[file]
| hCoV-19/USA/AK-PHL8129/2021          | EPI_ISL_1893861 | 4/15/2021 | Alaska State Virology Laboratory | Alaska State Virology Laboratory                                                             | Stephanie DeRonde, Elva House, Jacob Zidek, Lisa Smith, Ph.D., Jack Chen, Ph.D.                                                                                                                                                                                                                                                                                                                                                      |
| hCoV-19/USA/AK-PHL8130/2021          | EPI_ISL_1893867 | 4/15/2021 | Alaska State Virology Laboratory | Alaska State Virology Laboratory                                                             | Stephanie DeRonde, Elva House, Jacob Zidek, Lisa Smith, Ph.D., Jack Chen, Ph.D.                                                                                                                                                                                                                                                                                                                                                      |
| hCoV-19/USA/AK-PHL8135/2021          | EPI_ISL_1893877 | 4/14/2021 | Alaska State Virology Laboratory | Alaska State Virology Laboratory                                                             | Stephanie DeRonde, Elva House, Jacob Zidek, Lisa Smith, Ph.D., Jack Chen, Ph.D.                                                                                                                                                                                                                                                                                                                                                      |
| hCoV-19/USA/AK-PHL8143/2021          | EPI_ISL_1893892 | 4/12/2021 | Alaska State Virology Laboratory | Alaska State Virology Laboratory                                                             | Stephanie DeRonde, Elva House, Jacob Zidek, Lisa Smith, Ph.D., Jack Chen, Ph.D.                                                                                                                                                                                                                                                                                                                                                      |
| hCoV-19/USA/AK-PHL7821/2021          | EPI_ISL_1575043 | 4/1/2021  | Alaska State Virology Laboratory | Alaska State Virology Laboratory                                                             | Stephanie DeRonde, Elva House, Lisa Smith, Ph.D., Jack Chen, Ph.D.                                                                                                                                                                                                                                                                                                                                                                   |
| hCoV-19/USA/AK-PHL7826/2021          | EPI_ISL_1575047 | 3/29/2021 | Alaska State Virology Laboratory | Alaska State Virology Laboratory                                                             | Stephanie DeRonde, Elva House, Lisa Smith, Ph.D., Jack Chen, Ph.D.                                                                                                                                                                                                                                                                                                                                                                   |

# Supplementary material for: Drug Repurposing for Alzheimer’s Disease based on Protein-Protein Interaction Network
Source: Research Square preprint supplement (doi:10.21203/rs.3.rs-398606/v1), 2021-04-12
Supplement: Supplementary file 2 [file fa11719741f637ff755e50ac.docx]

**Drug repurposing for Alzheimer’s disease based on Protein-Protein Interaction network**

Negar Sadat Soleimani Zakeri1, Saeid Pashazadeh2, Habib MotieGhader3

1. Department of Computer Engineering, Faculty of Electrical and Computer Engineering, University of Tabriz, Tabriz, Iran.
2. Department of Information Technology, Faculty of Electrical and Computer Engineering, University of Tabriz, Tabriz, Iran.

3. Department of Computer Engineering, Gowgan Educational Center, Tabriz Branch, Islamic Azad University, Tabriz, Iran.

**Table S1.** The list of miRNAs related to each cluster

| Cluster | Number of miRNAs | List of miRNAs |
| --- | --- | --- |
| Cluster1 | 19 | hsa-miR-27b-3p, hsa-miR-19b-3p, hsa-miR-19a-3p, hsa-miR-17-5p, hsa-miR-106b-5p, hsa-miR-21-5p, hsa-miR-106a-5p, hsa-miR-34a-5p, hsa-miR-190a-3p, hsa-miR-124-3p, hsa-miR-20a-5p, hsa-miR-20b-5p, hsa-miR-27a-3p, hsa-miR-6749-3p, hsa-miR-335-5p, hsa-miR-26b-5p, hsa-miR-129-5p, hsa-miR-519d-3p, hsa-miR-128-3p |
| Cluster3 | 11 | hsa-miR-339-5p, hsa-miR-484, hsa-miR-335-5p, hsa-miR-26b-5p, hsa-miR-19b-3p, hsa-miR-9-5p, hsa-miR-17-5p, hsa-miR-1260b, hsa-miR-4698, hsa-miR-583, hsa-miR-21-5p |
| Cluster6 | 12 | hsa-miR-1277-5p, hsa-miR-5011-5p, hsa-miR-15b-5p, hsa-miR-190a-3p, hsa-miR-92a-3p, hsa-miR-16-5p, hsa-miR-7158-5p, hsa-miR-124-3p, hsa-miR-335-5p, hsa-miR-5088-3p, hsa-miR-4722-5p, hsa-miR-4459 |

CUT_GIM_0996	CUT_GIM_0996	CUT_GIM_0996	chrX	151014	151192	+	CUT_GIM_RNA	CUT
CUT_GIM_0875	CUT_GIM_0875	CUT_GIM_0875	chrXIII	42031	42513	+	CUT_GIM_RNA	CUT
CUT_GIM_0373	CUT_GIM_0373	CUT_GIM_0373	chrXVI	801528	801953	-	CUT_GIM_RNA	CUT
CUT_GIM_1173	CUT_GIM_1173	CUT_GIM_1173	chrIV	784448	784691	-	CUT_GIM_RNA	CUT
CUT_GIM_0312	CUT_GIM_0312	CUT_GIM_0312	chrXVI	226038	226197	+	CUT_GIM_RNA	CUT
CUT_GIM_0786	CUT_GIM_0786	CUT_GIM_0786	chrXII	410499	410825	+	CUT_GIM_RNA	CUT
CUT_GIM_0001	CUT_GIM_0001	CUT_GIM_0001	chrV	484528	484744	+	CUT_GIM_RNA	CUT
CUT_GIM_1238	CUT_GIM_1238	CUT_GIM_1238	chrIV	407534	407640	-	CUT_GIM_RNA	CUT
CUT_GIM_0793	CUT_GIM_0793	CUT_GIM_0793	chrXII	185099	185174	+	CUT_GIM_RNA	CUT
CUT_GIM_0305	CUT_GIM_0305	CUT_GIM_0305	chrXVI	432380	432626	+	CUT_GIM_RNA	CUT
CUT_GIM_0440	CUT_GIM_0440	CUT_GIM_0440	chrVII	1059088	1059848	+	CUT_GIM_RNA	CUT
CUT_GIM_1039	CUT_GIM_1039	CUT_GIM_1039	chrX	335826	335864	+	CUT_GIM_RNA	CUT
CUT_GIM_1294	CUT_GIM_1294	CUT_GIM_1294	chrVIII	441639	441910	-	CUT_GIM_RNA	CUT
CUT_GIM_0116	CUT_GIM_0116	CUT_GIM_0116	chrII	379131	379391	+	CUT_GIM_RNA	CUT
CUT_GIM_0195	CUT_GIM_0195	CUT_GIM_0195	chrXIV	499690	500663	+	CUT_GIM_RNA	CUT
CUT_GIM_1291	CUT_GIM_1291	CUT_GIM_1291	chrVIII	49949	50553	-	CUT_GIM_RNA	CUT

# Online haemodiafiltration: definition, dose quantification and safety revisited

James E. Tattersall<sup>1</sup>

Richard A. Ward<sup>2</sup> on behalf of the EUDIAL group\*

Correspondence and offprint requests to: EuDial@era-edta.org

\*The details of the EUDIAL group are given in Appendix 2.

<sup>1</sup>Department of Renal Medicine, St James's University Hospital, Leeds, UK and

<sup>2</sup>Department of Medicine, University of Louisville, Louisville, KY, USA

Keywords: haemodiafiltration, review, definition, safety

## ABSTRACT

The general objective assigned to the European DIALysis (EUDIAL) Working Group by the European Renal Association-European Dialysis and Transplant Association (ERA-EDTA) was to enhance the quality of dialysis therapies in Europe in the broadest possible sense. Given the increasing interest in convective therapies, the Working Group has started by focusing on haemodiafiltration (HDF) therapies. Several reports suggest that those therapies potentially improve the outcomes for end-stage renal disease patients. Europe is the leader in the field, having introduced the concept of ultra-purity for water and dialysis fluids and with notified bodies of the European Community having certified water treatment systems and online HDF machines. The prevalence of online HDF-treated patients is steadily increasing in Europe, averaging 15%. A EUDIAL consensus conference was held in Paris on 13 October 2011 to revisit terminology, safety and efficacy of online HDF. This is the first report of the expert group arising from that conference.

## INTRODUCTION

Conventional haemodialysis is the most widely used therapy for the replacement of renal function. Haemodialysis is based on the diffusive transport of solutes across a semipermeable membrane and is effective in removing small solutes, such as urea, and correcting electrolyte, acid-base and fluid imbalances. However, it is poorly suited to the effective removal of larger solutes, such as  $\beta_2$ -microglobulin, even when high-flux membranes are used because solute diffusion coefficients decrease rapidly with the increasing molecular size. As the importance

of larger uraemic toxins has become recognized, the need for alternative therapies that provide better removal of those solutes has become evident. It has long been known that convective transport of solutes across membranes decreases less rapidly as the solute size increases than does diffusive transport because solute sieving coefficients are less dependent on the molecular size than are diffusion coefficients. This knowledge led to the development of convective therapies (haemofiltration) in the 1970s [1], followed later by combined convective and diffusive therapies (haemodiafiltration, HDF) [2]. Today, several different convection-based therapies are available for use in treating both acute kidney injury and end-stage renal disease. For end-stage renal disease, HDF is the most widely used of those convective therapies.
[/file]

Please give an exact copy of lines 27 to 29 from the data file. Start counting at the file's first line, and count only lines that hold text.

CUT_GIM_0001	CUT_GIM_0001	CUT_GIM_0001	chrV	484528	484744	+	CUT_GIM_RNA	CUT
CUT_GIM_1238	CUT_GIM_1238	CUT_GIM_1238	chrIV	407534	407640	-	CUT_GIM_RNA	CUT
CUT_GIM_0793	CUT_GIM_0793	CUT_GIM_0793	chrXII	185099	185174	+	CUT_GIM_RNA	CUT